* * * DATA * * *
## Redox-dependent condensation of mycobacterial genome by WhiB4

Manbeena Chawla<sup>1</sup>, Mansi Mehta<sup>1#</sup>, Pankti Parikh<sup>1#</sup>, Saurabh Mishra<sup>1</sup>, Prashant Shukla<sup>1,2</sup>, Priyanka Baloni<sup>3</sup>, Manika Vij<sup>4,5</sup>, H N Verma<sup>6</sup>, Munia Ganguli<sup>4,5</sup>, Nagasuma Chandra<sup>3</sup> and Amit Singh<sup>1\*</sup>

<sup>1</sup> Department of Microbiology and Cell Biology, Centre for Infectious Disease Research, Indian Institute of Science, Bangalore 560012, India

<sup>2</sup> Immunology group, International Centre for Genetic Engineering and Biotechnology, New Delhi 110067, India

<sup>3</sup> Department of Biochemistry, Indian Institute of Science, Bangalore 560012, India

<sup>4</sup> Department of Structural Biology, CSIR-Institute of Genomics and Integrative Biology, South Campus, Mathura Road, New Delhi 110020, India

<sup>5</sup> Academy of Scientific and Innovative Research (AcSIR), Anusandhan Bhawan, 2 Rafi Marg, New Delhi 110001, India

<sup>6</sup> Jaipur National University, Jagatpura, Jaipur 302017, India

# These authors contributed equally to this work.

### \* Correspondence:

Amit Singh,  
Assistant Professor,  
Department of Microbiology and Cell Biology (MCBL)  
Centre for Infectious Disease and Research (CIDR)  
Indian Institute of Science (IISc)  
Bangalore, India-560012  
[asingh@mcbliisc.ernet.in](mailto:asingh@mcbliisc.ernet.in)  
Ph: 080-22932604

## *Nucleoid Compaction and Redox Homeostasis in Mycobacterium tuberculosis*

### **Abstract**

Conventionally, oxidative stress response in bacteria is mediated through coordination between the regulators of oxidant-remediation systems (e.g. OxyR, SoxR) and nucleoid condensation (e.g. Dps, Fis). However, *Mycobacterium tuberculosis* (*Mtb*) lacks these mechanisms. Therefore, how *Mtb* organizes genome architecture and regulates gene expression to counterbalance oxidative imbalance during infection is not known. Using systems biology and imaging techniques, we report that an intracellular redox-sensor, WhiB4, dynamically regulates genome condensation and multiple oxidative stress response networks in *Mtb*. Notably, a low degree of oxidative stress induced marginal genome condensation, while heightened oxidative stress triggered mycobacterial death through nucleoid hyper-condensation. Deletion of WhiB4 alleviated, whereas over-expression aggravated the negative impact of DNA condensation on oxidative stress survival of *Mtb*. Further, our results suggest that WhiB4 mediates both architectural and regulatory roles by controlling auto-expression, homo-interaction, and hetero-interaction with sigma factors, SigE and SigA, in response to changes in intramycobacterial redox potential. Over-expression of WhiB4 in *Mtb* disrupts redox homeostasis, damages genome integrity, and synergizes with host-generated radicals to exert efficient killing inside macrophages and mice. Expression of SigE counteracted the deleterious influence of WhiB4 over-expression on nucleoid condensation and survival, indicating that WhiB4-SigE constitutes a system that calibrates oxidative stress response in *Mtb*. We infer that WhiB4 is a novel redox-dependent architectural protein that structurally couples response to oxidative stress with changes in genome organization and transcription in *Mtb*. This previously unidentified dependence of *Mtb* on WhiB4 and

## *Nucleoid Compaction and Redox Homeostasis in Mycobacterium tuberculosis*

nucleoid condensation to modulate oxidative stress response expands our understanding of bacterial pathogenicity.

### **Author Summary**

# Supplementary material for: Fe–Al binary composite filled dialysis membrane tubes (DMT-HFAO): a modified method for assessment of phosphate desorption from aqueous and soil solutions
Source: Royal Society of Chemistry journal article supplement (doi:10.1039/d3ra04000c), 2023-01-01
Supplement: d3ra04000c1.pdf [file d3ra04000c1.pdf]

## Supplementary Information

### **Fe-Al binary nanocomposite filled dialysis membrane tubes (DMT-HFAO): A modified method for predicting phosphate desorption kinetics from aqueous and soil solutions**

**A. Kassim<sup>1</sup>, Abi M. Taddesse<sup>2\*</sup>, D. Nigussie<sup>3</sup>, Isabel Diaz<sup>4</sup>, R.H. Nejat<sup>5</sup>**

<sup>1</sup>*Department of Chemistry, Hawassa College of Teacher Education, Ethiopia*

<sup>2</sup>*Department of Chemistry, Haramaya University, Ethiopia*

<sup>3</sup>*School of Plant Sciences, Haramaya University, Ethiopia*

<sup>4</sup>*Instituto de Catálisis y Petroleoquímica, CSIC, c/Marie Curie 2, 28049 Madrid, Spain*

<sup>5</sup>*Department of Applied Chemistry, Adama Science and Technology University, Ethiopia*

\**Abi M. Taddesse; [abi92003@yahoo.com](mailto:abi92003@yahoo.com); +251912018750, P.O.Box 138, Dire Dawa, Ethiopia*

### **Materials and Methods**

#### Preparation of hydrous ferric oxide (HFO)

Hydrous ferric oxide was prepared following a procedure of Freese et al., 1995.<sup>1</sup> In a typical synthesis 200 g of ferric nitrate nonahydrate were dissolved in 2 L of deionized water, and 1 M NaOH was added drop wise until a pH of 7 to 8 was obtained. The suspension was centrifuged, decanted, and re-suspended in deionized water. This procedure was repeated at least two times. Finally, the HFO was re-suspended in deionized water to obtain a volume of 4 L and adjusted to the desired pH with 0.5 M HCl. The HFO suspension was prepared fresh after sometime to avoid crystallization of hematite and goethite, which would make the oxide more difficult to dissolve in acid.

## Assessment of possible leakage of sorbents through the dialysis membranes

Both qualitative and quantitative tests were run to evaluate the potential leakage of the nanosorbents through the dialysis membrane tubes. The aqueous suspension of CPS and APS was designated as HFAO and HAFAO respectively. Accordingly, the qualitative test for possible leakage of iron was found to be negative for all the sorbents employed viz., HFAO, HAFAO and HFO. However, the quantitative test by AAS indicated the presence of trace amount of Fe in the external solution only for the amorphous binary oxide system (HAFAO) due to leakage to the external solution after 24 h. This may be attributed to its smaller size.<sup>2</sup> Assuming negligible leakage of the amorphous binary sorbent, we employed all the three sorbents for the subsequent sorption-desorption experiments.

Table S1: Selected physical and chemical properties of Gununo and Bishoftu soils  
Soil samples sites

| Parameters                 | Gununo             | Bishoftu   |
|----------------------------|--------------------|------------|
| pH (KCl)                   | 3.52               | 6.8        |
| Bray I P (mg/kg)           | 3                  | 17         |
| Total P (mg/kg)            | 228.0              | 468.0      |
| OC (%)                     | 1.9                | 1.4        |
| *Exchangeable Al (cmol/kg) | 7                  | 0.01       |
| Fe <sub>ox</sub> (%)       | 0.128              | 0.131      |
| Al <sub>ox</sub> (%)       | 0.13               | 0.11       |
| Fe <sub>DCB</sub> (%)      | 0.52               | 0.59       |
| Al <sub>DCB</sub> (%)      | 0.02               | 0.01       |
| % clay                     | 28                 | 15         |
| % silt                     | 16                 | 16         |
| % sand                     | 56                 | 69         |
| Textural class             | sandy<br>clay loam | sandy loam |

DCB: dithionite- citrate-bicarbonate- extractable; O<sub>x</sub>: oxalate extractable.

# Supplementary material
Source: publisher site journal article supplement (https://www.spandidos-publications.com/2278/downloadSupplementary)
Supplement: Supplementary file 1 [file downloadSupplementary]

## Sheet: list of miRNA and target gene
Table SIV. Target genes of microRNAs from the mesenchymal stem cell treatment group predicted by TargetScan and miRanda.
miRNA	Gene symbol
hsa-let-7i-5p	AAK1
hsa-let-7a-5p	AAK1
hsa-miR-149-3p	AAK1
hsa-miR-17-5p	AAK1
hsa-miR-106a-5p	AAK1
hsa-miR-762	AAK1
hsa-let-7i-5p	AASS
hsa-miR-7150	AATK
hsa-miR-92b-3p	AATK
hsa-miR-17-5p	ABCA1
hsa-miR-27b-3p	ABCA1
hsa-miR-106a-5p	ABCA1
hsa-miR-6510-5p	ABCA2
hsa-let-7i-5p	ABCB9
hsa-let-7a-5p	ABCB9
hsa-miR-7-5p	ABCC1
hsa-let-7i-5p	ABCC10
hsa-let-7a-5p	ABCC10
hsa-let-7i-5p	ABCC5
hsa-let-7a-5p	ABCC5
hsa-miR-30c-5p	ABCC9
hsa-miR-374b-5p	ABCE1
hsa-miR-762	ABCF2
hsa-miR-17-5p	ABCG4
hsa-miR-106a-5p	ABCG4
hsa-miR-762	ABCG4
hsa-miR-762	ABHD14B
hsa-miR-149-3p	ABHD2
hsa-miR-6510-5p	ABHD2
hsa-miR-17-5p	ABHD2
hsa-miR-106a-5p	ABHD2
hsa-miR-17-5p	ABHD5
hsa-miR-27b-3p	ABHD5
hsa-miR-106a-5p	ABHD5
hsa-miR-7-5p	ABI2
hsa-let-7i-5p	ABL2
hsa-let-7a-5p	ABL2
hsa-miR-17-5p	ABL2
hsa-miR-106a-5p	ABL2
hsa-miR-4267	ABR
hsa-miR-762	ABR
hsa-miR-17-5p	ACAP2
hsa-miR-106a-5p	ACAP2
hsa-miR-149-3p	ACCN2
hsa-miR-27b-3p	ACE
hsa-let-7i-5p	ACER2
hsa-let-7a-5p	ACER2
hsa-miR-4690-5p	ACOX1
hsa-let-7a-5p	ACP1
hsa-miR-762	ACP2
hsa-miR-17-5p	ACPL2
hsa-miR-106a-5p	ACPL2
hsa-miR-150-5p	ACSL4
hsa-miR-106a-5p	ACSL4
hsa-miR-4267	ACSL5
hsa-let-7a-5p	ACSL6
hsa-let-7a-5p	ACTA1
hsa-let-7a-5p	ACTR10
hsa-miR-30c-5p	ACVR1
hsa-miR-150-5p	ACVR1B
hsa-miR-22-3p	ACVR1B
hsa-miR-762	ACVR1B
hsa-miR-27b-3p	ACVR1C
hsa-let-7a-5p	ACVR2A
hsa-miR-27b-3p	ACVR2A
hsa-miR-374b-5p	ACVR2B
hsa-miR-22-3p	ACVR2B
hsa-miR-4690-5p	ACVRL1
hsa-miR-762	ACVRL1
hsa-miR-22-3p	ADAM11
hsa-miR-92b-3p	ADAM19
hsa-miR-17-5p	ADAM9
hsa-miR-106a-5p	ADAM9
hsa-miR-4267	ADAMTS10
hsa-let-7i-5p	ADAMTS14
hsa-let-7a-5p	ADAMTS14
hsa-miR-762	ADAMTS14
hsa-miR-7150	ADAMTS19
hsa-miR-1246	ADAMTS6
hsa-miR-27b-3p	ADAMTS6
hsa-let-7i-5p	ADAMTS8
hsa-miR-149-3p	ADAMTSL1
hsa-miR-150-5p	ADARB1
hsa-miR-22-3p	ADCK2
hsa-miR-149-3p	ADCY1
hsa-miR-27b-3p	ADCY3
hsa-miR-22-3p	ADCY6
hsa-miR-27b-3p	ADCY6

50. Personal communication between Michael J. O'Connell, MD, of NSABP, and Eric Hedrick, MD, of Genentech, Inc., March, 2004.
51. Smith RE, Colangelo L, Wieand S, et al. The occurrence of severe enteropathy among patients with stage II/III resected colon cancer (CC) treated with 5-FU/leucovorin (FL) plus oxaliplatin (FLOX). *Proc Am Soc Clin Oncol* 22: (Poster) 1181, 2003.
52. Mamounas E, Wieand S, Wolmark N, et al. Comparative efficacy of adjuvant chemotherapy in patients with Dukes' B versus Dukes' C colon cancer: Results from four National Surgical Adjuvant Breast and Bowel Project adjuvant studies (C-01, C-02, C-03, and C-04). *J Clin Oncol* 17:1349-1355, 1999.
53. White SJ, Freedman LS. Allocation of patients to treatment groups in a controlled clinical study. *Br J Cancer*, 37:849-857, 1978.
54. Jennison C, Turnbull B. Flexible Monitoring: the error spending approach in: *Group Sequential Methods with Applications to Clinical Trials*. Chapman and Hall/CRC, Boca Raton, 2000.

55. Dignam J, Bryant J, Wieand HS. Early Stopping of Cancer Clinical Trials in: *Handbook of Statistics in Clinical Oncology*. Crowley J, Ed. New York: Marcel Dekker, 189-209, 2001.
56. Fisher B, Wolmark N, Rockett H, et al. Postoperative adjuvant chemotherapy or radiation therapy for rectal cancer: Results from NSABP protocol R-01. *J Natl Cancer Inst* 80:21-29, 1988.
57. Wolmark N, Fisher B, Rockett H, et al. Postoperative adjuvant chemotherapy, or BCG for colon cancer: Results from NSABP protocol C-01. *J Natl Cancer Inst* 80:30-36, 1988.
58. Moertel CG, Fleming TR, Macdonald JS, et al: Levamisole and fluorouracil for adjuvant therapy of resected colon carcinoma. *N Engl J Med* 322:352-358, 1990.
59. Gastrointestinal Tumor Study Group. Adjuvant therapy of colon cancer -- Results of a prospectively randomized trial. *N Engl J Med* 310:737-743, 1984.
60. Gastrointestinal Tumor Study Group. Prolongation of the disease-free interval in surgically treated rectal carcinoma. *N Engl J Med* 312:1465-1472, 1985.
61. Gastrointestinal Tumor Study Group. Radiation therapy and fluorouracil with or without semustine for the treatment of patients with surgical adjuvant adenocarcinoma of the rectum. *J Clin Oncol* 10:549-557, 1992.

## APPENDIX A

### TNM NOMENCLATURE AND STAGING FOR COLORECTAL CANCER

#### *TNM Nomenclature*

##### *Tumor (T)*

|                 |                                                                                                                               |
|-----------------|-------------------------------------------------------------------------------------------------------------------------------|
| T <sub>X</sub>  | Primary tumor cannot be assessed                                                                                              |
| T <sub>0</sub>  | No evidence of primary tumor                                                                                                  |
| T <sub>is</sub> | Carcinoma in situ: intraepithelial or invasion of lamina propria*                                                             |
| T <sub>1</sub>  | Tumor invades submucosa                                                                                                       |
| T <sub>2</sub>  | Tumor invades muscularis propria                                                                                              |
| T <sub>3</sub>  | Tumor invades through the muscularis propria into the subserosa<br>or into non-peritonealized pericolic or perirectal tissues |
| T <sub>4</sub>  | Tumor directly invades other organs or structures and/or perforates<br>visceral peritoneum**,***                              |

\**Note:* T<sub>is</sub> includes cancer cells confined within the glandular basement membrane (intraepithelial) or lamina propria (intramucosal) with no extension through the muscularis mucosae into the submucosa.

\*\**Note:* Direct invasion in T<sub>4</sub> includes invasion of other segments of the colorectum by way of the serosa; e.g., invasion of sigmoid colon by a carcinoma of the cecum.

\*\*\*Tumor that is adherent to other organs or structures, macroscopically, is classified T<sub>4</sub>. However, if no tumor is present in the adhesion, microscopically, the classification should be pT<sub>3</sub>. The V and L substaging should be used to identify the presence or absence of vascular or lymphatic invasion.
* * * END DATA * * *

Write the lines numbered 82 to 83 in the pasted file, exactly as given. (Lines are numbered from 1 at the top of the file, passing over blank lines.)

hsa-let-7i-5p	ABCC10
hsa-let-7a-5p	ABCC10